Jessie Ransom, Ex Libris
Open Educational Resources (OER) initiatives remain high on the agenda across US campuses. A report released earlier this year by Ithaka S+R surveying faculty members in the United States includes a particularly interesting set of key findings. I strongly encourage exploring this report, as the data and analysis stretches across various aspects of higher education. One of the findings that I thought was particularly surprising is the percentage of faculty that expressed an interest in using OER in their courses, specifically,
“There is substantial interest in use of open educational resources for instructional practices, particularly from younger faculty members. About six in ten respondents are very interested in using open educational resources (OER), and roughly half strongly agreed that they would like to adopt new instructional approaches with OER.” 
While awareness of OER and interest in using it has certainly grown over the past several years, the scale of these findings is very exciting. Six in ten faculty making this kind of a statement is something that should not be ignored. Of course, many faculty, libraries, and institutions have already invested in the shift to OER for course materials, or are at least in exploring this option, but there is certainly more room for this shift to grow, especially as more faculty communicate their willingness to move in this direction.
The skills and expertise that librarians possess make libraries a natural ally in OER initiatives.
OER and Librarian Expertise
As the use of OER increases across institutions, libraries have the potential to play a valuable role and strategically support teaching and learning in a new way. In fact, the skills and expertise that librarians possess make libraries a natural ally in OER initiatives, especially considering some of the known challenges of OER:
- Finding relevant course content: I sometimes joke that I have a master’s degree in googling, but the reality is that librarians understand search functionality and search strategy in a way that is unique to the profession. While OER resources are often not included in existing library systems or platforms, librarians can help find them because librarians are experts at online searching. This expertise includes tracking down the many disconnected OER repositories that exist, but beyond this, librarians also have the skills and experience to understand searching within an OER repository. For example, librarians can look at a set of results and determine how the search functionality of the site is working; they can also understand additional filtering, browsing, or advanced search options. Sometimes it’s just a matter of knowing that this type of functionality might exist that allows a librarian to track it down, making it easier for librarians to find the content that faculty are looking for. And, of course, librarians can also recommend additional content from the library collection where a full OER replacement is not already available for a course.
- Evaluating the quality of a resource: Who taught you how to evaluate resources as a kid? Your librarian! While instructors are the ultimate subject matter experts and will have the final say in what materials they are using in their courses, librarians are well versed in looking at a resource and critically analyzing its credibility. What is the source? Are there references? When was it last updated? Librarians are good at spotting and describing red flags for instructors in the same way they do every day for students. Completely unrelated to this, are you familiar with the Pacific Northwest Tree Octopus?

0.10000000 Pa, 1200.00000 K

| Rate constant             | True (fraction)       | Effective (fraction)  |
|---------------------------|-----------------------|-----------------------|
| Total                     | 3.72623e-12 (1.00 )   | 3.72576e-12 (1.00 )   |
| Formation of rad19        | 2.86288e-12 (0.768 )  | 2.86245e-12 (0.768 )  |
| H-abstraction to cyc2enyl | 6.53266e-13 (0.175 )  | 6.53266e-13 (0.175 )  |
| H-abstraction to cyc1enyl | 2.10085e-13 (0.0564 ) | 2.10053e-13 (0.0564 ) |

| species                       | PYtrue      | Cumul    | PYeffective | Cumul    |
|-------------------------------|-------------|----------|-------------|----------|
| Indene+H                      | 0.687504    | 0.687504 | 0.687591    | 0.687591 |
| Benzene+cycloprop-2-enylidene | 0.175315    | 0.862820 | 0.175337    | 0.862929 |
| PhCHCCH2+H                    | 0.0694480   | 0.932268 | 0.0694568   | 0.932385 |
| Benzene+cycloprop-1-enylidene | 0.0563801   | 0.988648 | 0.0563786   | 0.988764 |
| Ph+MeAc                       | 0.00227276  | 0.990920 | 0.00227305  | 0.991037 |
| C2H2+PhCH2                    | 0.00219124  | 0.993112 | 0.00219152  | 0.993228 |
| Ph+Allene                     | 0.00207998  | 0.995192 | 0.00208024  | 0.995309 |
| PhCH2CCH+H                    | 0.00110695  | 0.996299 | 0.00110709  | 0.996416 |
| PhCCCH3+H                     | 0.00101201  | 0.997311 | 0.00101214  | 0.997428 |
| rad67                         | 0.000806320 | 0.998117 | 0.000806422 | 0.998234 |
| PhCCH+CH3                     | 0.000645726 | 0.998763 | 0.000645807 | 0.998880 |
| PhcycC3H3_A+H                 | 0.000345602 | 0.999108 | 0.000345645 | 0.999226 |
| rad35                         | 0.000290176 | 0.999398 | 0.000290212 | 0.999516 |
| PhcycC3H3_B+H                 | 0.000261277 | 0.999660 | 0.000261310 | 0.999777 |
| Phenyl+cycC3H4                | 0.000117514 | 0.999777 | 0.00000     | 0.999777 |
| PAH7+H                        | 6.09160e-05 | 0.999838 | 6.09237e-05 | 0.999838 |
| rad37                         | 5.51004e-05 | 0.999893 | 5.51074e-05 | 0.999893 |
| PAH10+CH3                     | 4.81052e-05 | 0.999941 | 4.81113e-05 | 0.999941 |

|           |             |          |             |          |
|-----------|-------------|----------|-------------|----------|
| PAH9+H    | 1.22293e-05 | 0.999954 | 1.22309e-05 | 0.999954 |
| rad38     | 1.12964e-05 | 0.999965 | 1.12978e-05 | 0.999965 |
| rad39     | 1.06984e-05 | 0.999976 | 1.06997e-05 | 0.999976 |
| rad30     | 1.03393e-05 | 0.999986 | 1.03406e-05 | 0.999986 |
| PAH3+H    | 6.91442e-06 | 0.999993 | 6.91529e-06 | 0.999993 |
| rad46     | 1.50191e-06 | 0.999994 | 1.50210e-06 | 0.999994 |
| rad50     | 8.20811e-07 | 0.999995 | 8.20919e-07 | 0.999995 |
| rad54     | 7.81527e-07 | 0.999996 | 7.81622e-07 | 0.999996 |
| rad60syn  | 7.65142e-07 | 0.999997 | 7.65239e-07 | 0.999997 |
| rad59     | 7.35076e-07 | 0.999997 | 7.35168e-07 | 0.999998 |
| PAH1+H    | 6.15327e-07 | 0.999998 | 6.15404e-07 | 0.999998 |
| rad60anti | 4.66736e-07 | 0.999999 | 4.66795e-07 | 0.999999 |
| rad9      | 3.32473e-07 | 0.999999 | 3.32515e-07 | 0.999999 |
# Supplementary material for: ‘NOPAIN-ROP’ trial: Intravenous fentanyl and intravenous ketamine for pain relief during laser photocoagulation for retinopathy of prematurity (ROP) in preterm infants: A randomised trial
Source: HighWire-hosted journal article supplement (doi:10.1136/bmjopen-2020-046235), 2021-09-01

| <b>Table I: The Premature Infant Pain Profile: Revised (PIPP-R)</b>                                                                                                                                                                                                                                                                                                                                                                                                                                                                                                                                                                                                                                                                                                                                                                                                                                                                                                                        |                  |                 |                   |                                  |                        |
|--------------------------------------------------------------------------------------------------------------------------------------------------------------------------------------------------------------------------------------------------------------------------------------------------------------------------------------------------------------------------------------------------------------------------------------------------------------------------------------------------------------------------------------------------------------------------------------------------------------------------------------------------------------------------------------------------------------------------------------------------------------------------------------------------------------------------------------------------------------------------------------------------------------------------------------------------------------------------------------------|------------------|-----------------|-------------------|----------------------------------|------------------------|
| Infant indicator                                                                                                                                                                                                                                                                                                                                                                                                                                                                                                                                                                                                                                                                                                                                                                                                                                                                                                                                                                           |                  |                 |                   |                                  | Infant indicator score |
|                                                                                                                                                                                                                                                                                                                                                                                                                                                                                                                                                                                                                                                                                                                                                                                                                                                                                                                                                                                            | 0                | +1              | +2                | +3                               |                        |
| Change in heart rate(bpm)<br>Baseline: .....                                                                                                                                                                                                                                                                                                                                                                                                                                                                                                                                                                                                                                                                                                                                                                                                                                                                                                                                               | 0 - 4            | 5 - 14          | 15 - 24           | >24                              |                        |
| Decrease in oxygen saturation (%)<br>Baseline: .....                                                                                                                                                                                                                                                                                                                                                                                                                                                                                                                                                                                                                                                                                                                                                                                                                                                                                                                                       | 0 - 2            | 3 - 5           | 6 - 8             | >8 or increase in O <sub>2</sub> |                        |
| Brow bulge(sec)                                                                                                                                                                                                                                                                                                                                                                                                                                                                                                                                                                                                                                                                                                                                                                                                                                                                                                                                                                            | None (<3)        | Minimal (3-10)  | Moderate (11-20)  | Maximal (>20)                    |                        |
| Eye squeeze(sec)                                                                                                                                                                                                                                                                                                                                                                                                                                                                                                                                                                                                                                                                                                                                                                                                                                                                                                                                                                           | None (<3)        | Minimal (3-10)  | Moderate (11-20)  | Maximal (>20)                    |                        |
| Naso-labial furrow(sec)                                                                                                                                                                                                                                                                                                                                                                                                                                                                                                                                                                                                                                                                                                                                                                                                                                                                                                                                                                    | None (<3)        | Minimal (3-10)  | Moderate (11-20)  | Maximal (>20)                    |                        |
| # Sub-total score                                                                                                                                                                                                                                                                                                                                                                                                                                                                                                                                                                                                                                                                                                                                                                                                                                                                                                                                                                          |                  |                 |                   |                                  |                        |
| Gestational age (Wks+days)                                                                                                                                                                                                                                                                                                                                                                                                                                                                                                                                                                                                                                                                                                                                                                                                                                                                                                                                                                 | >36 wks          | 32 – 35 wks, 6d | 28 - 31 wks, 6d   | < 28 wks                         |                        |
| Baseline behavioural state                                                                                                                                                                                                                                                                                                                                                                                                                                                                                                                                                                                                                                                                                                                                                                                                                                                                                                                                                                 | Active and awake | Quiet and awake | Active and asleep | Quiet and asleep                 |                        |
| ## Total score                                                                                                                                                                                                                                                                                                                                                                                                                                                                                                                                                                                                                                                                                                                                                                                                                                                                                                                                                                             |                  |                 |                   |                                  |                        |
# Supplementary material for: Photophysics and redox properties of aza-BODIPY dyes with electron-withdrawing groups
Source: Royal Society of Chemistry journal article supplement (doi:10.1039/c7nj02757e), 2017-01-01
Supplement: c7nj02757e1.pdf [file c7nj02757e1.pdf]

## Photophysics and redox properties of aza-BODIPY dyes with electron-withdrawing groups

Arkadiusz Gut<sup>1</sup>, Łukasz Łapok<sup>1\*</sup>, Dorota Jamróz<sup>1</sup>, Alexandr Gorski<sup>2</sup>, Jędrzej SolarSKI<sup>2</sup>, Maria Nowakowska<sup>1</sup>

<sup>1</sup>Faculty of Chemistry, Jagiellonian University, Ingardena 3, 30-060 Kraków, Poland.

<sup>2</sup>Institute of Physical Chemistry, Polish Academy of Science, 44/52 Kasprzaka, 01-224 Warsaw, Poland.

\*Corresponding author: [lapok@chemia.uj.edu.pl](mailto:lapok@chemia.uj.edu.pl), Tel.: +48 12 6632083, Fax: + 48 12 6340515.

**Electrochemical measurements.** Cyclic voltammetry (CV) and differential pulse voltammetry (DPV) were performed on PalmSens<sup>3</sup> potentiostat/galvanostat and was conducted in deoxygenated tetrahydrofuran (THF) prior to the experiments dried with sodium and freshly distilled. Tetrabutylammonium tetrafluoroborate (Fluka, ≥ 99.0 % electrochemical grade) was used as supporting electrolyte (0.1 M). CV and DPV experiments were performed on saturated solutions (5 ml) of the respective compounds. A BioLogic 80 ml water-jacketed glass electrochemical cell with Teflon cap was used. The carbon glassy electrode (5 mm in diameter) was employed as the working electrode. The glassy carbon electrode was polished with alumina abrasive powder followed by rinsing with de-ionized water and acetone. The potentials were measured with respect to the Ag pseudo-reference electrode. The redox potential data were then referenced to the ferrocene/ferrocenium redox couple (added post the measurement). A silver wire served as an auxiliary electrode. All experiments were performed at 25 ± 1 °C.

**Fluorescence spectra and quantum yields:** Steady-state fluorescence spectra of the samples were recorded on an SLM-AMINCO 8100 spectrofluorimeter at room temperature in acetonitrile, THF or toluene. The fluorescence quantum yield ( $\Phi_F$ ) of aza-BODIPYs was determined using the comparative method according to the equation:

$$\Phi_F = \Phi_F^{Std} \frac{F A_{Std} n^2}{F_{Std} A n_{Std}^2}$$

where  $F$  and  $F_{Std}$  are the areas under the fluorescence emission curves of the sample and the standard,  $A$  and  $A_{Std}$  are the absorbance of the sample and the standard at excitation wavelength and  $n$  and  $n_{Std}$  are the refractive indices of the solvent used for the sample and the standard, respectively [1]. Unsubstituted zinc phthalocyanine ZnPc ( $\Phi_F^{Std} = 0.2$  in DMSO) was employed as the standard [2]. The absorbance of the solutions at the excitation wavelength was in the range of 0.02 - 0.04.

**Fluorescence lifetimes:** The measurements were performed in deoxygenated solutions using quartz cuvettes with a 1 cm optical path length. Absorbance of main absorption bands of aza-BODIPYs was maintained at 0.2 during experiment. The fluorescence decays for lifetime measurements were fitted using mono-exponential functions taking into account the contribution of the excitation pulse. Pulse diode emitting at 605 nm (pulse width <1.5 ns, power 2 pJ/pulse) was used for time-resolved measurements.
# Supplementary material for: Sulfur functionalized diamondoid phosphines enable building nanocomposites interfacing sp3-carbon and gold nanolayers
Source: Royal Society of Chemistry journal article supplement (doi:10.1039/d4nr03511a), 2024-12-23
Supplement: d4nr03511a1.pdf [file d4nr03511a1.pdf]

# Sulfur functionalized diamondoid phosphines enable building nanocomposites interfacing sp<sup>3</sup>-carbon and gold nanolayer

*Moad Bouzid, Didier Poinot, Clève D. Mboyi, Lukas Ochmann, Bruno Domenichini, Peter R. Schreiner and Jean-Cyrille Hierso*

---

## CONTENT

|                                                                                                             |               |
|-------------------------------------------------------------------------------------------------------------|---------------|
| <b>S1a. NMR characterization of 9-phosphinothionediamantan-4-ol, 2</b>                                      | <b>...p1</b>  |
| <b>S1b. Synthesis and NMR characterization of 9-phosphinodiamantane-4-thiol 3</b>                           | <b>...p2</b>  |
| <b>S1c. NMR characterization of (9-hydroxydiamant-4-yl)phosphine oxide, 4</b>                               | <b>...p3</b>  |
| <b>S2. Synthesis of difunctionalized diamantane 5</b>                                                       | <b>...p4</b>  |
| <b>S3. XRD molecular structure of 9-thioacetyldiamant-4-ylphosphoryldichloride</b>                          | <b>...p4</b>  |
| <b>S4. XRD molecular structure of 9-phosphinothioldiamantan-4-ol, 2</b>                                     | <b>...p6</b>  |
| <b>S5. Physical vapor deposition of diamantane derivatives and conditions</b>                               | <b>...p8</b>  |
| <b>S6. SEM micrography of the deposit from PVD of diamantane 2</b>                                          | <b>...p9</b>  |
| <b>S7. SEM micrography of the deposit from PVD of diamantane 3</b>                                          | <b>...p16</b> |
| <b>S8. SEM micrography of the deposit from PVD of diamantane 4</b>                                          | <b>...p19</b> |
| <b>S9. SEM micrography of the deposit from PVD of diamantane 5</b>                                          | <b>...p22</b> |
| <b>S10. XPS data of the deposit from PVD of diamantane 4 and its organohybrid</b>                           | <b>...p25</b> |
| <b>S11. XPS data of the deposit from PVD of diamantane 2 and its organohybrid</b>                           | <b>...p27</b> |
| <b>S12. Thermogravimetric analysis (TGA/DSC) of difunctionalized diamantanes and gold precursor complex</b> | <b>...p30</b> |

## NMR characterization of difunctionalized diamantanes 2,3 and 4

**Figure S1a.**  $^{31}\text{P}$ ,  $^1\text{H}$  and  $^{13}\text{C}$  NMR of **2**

- Describing resources for search and discovery: The Ithaka S+R Faculty Survey also shows that significantly more instructors are using existing OER than are creating new content—approximately 32% of survey respondents said that they have used open textbooks, while only 7% of faculty said they have created open textbooks. While this is not surprising given the amount of time and effort involved in creating OER, there are certainly faculty and institutions that are invested in storing and sharing locally created OER, and there is potential for substantial growth in the future. Librarians should absolutely be involved in these projects. As I mentioned above, searching for and discovering relevant content is one of the major challenges of OER. Luckily, organizing and describing resources in a way that makes them discoverable is exactly what librarians do.
- Understanding copyright: As instructors start using OER in their courses, they are likely to have questions about exactly what they can do under the various Creative Commons licenses. And if they’re creating their own content, what should they consider when selecting a CC license for their own material? Some institutions have a specific copyright librarian on staff, which is an obvious asset. Even if this is not the case for your institution, many libraries will still have someone who can provide copyright guidance, or at least point an instructor to credible information that may help answer their questions.
Looking at some of the challenges surrounding OER and the expertise of librarians in general, it makes sense for libraries to act as a resource for faculty exploring OER. In the end, the shift to OER requires energy and enthusiasm to be successful. It is not easy to convert a course to OER. If you happen to be the person at your institution who is passionate about OER, get out there and get involved! There is the potential to greatly benefit students and instructors, and to further emphasize the value that the library and library staff provide to the larger institution.
Leganto: Supporting the Use of Open Educational Resources (OER)
 Blankstein, M., & Wolff-Eisenberg, C. (2019, April 12). Ithaka S+R US Faculty Survey 2018. https://doi.org/10.18665/sr.311199
novembre 14, 2019